2007 GSA Denver Annual Meeting (28–31 October 2007)

Paper No. 14
Presentation Time: 11:30 AM


MACHETTE, Michael N. and THOMPSON, Ren A., Earth Surface Processes Team, U.S. Geological Survey, MS 980, P.O. Box 25046, Denver, CO 80225-0046, machette@usgs.gov

The San Luis Basin (SLB) started to form about 26 Ma as a result of E.-W. opening of the Rio Grande rift. Early uplift produced an intrabasin horst (San Luis Hills) that divided the SLB into two subbasins. Syntectonic sediment (Santa Fe Group) and basalts of the Hinsdale Formation (ca. 12-15 Ma) dominated basin filling during the Miocene, but by 3.7 Ma widespread deposition of Servilleta Basalt had buried any possible south-draining channels on the structurally lower E. and W. margins of the SLB. Subsequently, the northern (Alamosa) subbasin constrained the extent of Lake Alamosa and lacustrine deposition of the Alamosa Formation, especially the hydrologically important thick “blue clay” layers within the confined (lower) aquifer. Sediment continued to fill the subbasin as Lake Alamosa grew and shrank with Quaternary climatic oscillations. Around 440 ka (marine oxygen-isotope stage 12), the lake overtopped a bedrock-cored sill in the San Luis Hills, cut a deep gorge, and released its water to New Mexico.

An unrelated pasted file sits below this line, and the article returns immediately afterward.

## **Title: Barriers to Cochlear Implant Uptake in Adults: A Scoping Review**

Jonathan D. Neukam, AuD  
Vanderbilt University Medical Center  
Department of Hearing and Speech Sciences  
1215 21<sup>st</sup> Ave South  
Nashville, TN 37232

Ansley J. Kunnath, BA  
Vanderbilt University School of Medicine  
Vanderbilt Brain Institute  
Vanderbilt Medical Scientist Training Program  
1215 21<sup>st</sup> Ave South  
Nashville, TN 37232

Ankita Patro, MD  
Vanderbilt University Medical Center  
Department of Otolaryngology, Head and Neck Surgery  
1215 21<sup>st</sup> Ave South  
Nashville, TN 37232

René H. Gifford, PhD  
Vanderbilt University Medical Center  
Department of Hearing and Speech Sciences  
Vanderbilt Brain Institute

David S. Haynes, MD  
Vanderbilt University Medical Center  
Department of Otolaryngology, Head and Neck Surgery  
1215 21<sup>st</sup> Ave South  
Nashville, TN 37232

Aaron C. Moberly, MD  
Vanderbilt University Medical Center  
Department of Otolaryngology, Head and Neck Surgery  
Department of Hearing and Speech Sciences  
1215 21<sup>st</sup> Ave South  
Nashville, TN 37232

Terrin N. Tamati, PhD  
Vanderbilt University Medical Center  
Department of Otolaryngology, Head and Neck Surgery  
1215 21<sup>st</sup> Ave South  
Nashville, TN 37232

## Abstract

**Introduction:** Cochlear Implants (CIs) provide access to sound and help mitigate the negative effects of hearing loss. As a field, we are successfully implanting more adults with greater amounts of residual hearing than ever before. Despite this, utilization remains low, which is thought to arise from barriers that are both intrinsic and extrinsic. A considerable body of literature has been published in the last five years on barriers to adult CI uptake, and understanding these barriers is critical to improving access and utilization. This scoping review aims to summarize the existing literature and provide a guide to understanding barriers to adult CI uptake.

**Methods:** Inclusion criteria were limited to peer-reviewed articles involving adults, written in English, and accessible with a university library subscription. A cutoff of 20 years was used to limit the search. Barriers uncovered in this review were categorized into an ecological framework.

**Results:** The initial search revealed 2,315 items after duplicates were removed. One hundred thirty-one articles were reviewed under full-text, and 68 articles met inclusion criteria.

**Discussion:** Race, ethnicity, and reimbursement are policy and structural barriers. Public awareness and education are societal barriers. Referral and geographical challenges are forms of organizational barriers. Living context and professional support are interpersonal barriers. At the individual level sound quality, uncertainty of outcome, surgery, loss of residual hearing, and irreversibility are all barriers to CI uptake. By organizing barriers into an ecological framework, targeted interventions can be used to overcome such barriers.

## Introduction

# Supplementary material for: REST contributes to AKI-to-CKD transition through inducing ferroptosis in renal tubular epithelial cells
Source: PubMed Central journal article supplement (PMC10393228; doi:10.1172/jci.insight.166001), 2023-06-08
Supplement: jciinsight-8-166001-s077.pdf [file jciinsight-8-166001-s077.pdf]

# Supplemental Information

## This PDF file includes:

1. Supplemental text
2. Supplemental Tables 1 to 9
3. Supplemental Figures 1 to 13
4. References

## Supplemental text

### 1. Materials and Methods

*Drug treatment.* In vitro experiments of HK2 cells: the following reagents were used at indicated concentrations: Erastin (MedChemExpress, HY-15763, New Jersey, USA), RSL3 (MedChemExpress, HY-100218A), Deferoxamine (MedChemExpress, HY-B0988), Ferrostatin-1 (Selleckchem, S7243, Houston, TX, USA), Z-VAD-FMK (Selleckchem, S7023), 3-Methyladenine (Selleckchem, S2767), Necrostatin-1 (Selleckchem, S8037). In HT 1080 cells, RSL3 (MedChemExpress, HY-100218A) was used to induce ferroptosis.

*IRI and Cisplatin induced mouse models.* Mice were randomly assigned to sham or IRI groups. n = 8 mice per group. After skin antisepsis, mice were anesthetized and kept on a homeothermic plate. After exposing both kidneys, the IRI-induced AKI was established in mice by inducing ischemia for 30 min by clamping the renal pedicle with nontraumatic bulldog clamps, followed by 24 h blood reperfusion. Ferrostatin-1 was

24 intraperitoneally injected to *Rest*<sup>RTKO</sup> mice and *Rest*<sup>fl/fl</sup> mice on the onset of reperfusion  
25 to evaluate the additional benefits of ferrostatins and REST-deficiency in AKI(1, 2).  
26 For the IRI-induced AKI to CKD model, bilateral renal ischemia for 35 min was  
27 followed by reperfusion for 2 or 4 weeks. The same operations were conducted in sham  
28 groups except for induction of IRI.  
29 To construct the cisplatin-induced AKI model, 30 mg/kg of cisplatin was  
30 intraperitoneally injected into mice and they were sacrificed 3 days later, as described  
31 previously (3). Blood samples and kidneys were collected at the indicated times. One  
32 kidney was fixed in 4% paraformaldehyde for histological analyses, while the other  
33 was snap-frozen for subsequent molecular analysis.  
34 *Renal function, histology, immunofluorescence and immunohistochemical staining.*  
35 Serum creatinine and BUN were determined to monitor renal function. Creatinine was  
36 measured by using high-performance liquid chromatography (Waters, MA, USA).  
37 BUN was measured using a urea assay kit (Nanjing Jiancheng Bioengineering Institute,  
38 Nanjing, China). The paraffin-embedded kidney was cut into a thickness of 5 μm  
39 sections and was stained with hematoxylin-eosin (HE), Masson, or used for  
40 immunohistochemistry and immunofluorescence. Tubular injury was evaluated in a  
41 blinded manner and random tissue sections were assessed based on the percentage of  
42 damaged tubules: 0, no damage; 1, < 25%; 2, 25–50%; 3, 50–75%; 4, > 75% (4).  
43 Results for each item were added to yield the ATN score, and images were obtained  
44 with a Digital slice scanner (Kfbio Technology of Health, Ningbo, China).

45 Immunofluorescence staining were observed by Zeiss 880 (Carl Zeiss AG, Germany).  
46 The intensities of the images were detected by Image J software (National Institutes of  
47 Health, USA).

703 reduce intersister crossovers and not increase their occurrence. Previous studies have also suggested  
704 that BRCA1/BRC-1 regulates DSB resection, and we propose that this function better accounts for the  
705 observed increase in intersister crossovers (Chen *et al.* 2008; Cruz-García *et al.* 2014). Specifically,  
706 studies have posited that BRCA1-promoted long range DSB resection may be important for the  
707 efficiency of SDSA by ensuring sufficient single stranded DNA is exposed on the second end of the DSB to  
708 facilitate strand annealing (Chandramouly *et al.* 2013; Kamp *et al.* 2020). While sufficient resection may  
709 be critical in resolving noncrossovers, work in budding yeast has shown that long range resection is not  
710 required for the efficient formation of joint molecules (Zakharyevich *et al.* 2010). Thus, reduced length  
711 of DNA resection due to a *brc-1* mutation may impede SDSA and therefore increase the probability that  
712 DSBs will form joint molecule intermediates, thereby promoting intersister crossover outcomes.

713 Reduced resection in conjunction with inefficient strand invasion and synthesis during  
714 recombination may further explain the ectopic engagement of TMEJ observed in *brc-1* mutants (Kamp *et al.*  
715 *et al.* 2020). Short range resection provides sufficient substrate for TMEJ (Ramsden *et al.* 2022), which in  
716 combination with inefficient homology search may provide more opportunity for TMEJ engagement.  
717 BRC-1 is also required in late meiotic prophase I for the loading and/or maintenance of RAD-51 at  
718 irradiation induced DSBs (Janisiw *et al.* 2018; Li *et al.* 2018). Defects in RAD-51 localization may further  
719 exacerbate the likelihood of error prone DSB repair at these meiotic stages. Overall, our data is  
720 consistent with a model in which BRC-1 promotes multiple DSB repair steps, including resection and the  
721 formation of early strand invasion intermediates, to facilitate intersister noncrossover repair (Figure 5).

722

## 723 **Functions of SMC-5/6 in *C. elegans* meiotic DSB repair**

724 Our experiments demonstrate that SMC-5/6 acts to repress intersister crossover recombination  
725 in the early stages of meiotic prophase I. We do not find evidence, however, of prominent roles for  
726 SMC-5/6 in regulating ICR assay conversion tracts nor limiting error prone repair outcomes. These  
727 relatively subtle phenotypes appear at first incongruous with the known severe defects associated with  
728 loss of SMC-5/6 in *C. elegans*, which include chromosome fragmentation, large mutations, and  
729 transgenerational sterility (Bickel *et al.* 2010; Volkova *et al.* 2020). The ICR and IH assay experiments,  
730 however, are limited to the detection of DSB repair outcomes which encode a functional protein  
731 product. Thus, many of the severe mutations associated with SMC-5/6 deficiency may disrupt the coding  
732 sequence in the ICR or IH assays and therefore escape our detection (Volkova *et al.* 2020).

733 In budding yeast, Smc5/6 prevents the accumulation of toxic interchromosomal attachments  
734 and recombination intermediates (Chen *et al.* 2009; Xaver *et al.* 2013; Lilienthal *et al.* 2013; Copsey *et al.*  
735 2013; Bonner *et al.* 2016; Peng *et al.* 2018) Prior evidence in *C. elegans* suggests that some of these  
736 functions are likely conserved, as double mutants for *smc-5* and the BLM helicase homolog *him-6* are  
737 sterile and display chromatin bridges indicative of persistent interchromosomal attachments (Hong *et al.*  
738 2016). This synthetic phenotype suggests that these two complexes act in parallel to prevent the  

Today, Servilleta Basalt is at the surface in the SLB as far north as Antonito and Fort Garland,Colo., and drill holes penetrate this basalt at 100-200 m at least as far north as La Jara and Blanca. Aeromagnetic expression of the basalt becomes more muted northward as a result of burial by the lake sediment. Sedimentation of the Alamosa Formation was driven by climatic changes in a dynamic environment that controlled the distribution, depth, and flow characteristics of the confined intrabasin aquifer, which is the source of most agricultural, high-production water wells in the subbasin. Improvements in future hydrologic modeling will require analysis of water-well logs that consider (1) climatic cycles of Lake Alamosa, (2) internal structures within the basin (from new geophysical data), and (3) basin geometries driven by the deformation on the Sangre de Cristo fault system. The Alamosa subbasin is ripe for paleoclimatic modeling of basin sedimentation.